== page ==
Any good firearms enthusiast knows that fully automatic weapons are heavily regulated in the U.S., making it hard to own anything the federal government might classify as a “machine gun” under the National Firearms Act of 1934. So what’s a marksman to do in those few situations where you really, really need to unleash a hailstorm of bullets with just one squeeze of a trigger?
That’s where the ludicrously named AutoGlove, brought to our attention by Guns.com, comes in. Billed as a “trigger actuation device” that doesn’t permanently attach to a firearm (not unlike the MA Loader, which is designed to circumvent recent California rifle-magazine restrictions), the bulky glove translates a single shot into several pre-programmed fire rates, from the 3-round burst to full-auto mayhem. The goal is simple: less work, more fire.
The folks at AutoGlove USA say the military veterans they recruited to design the handy gauntlet studied the 1934 NFA extensively, and the conclusion they came to was simple: So long as the drill motor that does the bulk of the work in the AutoGlove does not formally “attach” to the stock of a firearm (as prohibited by the Bureau of Alcohol, Tobacco, Firearms and Explosives), the simulation of automatic fire doesn’t violate the letter of the law. After all, you can’t outlaw the fastest hands in the West just for being fast.
“The idea is not to thumb our nose at the Federal Government,” the company says on its FAQ page. “Our intent is to comply with the existing laws and make an accessory that can be used on firearms (since our product was submitted for patent for various products to include firearms) and create a fun experience for the shooter.” (The ATF has not yet weighed in on the AutoGlove with an official opinion letter clearing the product for release, as it usually does when a full-auto-style mod goes to market.)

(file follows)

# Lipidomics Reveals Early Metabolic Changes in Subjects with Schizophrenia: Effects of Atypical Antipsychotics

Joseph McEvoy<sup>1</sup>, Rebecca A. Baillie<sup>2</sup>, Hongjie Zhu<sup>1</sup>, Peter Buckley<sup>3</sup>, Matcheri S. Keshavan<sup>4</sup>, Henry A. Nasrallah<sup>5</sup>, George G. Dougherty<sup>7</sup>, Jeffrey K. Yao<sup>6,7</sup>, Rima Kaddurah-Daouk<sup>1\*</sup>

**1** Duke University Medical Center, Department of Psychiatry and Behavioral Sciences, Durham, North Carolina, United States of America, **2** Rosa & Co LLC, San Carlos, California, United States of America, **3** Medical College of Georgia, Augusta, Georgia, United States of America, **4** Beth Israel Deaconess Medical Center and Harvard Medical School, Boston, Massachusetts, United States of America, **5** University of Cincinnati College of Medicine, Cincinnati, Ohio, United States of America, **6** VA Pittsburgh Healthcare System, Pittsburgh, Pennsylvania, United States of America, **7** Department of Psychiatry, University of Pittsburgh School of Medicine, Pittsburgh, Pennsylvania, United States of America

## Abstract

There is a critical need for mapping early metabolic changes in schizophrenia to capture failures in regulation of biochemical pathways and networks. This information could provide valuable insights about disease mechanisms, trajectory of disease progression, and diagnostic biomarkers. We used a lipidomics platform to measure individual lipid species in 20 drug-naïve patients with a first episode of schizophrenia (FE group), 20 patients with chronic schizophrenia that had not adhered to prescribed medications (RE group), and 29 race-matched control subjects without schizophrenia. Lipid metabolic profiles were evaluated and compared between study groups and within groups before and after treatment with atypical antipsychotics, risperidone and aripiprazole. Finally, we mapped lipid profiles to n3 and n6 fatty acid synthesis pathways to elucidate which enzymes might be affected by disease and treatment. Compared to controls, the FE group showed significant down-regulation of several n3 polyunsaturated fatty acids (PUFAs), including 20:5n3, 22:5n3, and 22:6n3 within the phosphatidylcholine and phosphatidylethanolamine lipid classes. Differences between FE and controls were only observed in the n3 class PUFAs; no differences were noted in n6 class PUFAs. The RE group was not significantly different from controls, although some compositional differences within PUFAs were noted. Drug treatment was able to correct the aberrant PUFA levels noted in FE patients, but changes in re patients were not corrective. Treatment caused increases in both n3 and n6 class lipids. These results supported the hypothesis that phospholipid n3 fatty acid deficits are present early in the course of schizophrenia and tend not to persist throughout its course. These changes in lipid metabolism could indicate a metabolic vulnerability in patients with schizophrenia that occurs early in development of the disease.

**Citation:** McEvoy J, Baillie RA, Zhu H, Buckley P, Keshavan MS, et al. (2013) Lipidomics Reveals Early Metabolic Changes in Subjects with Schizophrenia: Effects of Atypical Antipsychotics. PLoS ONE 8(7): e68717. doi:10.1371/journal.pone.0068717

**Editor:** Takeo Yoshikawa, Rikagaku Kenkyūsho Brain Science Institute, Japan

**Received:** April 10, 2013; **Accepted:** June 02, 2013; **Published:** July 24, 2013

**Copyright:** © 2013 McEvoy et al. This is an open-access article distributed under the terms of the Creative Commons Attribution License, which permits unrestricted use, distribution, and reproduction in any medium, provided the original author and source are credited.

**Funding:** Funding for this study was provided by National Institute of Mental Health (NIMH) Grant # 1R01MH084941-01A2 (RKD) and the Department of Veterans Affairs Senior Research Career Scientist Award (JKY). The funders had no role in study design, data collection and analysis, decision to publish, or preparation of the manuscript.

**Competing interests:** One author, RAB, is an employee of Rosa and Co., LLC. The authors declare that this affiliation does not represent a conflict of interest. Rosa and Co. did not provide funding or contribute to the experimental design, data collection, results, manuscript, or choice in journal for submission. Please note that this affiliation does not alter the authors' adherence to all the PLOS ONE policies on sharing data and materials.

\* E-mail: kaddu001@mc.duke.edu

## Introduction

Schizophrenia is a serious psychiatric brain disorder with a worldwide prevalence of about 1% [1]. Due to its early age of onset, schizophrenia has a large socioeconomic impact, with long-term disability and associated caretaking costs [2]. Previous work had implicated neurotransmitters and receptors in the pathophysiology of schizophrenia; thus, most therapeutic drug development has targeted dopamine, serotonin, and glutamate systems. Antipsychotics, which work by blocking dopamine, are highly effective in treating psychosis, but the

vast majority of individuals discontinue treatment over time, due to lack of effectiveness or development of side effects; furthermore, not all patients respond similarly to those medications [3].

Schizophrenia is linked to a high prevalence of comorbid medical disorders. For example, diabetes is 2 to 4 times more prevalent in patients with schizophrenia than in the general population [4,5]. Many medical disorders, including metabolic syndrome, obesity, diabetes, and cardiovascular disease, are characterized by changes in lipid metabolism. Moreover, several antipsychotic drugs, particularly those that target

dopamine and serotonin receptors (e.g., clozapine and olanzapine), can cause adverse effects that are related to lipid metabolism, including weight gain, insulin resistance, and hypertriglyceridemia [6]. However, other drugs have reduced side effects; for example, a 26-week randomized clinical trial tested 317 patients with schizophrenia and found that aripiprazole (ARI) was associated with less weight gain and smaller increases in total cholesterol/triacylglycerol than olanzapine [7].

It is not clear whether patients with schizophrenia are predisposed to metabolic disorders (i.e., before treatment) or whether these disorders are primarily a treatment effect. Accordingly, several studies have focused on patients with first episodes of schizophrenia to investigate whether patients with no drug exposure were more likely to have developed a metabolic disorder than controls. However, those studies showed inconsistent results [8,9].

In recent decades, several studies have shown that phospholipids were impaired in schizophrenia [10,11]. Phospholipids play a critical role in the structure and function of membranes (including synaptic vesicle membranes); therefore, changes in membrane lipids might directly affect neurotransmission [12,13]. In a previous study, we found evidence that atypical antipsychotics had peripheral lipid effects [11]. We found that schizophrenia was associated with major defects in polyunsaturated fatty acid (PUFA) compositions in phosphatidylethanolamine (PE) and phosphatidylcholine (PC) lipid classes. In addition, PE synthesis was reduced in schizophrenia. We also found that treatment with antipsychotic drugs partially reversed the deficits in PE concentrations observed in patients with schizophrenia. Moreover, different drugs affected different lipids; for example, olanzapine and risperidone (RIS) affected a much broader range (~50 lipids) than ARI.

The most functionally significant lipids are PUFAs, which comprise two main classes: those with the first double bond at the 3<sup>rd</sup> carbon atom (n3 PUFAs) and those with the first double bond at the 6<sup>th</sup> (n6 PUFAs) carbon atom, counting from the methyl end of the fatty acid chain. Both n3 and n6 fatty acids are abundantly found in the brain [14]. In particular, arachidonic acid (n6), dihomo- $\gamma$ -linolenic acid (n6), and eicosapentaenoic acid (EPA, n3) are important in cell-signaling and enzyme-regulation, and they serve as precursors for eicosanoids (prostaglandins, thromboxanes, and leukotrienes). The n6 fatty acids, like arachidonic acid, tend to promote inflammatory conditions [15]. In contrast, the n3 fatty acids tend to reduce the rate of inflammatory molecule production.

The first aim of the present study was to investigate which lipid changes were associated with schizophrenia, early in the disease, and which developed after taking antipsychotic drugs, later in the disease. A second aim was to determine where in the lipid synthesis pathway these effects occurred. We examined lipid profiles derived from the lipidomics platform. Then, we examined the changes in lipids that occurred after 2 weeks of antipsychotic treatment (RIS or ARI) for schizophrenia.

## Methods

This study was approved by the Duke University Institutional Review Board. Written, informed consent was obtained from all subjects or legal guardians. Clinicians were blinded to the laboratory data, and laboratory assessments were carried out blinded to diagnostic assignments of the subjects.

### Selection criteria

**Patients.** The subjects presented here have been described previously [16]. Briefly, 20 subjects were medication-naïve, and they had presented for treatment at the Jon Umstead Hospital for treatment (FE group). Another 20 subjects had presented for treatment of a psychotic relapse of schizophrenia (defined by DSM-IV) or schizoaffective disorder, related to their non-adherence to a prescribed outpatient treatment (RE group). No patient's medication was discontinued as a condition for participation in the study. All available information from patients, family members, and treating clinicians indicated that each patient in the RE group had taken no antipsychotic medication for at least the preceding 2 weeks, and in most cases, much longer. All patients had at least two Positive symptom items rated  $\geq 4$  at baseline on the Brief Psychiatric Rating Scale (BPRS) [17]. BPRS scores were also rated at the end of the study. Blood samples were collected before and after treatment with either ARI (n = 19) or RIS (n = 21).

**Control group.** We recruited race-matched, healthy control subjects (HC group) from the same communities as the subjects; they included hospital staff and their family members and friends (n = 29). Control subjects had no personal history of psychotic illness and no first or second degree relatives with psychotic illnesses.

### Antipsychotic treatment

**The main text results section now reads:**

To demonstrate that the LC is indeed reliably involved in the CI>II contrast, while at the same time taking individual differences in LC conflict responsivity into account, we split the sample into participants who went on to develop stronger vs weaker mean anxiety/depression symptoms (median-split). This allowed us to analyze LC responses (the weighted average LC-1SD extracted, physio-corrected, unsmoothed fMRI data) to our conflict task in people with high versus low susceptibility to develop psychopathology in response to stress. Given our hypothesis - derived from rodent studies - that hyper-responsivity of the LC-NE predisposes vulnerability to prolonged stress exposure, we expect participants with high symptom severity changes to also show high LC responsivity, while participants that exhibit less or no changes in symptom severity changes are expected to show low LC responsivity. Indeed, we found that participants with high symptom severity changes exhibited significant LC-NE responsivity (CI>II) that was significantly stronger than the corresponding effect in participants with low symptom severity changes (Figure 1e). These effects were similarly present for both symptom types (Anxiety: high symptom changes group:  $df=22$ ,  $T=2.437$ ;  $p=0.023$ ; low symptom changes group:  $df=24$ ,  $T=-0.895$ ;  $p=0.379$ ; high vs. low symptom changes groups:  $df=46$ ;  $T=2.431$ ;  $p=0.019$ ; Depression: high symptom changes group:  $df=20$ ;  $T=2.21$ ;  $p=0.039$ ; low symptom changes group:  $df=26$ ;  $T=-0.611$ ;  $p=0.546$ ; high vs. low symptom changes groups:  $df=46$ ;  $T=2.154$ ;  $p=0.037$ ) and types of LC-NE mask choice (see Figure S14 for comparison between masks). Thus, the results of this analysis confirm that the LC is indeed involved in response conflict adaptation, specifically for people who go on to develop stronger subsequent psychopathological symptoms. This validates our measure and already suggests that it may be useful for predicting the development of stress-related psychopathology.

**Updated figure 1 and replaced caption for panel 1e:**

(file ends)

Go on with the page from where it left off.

Hardcore shooters may see the AutoGlove as a cop-out — why not just work hard to build up your reflexes and hand-eye coordination like a goddamn champion??? — but it’s certainly a great example of the firearms innovations triggered by recent gun restrictions.
The AutoGlove is available for pre-order for $299 with an inaugural September production run and an expected delivery period starting in October.
The U.S. Department of Veterans Affairs paid $13,000 over a three-month period for a senior official's biweekly commute to Washington from his home in California, according to expense reports obtained by ProPublica.
Staff Sgt. John Eller conducts pre-flights check on his C-17 Globemaster III Jan. 3 prior to taking off from Hickam Air Force Base, Hawaii for a local area training mission. Sgt. Eller is a loadmaster from the 535th Airlift Squadron. (U.S. Air Force photo/Tech. Sgt. Shane A. Cuomo)
CUCUTA, Colombia — The Trump administration ratcheted up pressure Saturday on beleaguered Venezuelan President Nicolas Maduro, dispatching U.S. military planes filled with humanitarian aid to this city on the Venezuelan border.
U.S. Secretary of Defense Patrick Shanahan speaks at the annual Munich Security Conference in Munich, Germany February 15, 2019. REUTERS/Andreas Gebert
ABOARD A U.S. MILITARY AIRCRAFT (Reuters) - Acting U.S. Defense Secretary Patrick Shanahan said on Saturday he had not yet determined whether a border wall with Mexico was a military necessity or how much Pentagon money would be used.
President Donald Trump on Friday declared a national emergency in a bid to fund his promised wall at the U.S.-Mexico border without congressional approval.
A pair of U.S. Navy Grumman F-14A Tomcat aircraft from Fighter Squadron VF-211 Fighting Checkmates in flight over Iraq in 2003/Department of Defense
Since the sequel to the 1986 action flick (and wildly successful Navy recruitment tool) Top Gun, was announced, there's been a lot of speculation on what Top Gun: Maverick will be about when it premieres in June 2020. While the plot is still relatively unclear, we know Tom Cruise will reprise his role as Naval aviator Pete "Maverick" Mitchell, and he'll be joined by a recognizable costar: The iconic F-14 Tomcat.
It looks like the old war plane will be coming out of retirement for more than just a cameo. A number of recently surfaced photos show an F-14 Tomcat aboard the USS Theodore Roosevelt, alongside Cruise and members of the film's production crew, the Drive's Tyler Rogoway first reported earlier this week.